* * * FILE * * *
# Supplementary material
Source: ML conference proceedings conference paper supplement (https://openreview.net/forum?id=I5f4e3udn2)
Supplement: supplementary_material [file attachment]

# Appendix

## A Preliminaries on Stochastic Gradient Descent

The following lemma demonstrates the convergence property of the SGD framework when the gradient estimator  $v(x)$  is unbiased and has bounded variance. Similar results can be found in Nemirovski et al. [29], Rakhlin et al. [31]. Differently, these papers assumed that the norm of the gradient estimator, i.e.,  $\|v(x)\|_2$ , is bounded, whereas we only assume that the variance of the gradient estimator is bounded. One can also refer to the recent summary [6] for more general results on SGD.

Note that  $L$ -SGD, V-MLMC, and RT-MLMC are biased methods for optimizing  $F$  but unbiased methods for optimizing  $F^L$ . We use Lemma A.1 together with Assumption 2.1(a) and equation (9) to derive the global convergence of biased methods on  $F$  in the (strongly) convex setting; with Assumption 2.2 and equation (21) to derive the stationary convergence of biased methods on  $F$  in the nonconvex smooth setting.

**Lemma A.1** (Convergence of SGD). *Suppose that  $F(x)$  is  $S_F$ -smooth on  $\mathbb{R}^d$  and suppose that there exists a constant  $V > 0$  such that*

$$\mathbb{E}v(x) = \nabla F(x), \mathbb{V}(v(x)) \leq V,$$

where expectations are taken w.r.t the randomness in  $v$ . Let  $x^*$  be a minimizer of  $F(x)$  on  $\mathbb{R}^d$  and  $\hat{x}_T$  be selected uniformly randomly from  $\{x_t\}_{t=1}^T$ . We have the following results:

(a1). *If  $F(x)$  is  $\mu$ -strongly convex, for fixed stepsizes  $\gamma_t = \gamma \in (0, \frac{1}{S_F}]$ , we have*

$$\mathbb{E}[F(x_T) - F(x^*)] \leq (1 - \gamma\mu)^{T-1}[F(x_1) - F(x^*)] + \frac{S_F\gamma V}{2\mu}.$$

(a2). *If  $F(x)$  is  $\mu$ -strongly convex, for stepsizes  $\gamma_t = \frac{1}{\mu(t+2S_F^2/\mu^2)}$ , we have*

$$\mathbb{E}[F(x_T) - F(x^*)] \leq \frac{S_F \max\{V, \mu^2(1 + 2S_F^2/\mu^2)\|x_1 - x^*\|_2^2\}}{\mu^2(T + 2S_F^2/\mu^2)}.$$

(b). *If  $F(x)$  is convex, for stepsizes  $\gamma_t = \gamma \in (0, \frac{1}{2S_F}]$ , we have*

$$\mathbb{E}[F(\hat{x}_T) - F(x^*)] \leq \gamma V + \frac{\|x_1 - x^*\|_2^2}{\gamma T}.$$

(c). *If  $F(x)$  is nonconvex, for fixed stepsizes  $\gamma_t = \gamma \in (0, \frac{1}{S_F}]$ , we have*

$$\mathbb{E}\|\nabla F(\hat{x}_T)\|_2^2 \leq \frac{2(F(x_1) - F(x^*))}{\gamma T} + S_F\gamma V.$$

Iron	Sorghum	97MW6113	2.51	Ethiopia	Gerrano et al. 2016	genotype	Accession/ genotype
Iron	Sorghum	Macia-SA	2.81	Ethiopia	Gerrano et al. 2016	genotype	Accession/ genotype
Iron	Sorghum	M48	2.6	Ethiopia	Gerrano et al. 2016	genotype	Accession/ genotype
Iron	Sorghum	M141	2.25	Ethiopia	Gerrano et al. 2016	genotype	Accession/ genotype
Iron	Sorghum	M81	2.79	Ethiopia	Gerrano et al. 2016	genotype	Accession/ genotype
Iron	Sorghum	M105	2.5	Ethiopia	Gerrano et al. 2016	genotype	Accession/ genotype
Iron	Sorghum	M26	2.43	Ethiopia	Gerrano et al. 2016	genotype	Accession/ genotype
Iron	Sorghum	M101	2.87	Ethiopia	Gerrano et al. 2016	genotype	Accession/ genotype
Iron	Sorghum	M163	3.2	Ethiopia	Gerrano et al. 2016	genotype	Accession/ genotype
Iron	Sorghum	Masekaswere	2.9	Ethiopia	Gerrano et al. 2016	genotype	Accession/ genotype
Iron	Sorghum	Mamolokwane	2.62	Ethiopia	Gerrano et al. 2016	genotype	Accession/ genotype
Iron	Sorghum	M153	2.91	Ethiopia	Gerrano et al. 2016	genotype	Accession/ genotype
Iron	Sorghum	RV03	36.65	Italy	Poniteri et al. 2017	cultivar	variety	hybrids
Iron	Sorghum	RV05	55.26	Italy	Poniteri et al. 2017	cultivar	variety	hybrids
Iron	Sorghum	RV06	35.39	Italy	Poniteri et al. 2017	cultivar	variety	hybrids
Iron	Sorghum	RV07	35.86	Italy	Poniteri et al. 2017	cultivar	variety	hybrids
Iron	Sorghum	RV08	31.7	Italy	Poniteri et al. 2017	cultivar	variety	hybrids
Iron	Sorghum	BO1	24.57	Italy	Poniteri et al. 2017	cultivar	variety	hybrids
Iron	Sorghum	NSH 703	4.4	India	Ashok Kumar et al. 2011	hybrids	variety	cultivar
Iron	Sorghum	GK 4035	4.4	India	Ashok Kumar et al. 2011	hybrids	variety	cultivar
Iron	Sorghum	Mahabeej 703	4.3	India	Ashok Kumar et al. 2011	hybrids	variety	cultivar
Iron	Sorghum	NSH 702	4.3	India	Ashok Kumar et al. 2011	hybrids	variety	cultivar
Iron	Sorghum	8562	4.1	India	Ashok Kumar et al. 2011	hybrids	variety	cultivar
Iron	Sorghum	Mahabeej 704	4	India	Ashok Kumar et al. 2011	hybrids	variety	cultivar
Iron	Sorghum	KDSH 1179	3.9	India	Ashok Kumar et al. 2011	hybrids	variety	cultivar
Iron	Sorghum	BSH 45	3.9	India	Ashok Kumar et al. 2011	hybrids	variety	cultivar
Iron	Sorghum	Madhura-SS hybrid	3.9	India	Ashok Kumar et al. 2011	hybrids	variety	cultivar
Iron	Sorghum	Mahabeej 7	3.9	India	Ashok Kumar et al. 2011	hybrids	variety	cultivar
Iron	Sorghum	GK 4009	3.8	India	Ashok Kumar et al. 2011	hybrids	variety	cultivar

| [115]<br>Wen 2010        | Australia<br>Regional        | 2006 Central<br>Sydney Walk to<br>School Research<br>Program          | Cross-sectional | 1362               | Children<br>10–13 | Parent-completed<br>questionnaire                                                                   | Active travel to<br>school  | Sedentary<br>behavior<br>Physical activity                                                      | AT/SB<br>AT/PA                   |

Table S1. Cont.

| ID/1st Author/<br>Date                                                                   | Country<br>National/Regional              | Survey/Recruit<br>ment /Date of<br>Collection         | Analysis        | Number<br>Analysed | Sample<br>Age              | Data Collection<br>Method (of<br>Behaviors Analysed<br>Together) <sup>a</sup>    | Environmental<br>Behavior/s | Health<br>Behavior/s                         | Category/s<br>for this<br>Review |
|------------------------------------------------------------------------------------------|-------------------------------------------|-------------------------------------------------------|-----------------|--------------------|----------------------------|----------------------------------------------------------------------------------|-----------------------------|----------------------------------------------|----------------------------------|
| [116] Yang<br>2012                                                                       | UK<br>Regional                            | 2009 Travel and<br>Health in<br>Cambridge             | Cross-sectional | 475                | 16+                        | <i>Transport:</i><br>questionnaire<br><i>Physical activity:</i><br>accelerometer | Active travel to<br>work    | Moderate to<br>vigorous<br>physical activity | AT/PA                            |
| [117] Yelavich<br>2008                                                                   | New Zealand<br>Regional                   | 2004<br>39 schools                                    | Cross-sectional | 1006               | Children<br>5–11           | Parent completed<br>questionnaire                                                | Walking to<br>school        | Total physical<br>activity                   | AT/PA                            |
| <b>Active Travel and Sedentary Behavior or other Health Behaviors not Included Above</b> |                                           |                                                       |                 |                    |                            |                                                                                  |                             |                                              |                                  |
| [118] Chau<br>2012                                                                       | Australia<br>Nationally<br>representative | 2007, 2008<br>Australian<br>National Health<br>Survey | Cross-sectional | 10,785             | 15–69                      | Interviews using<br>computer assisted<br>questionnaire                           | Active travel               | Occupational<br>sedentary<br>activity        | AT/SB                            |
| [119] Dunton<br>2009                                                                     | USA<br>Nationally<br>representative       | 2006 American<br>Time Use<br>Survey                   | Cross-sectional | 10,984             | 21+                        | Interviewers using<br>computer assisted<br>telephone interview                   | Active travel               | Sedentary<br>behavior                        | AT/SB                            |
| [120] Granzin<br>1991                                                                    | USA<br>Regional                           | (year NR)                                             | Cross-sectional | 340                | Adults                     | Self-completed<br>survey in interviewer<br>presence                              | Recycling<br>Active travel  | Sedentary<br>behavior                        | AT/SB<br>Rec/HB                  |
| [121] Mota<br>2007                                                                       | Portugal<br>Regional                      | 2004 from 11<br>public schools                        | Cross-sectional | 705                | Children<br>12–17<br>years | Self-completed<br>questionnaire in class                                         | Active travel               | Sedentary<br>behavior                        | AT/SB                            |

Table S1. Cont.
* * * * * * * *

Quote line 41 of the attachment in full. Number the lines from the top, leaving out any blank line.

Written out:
Iron	Sorghum	8562	4.1	India	Ashok Kumar et al. 2011	hybrids	variety	cultivar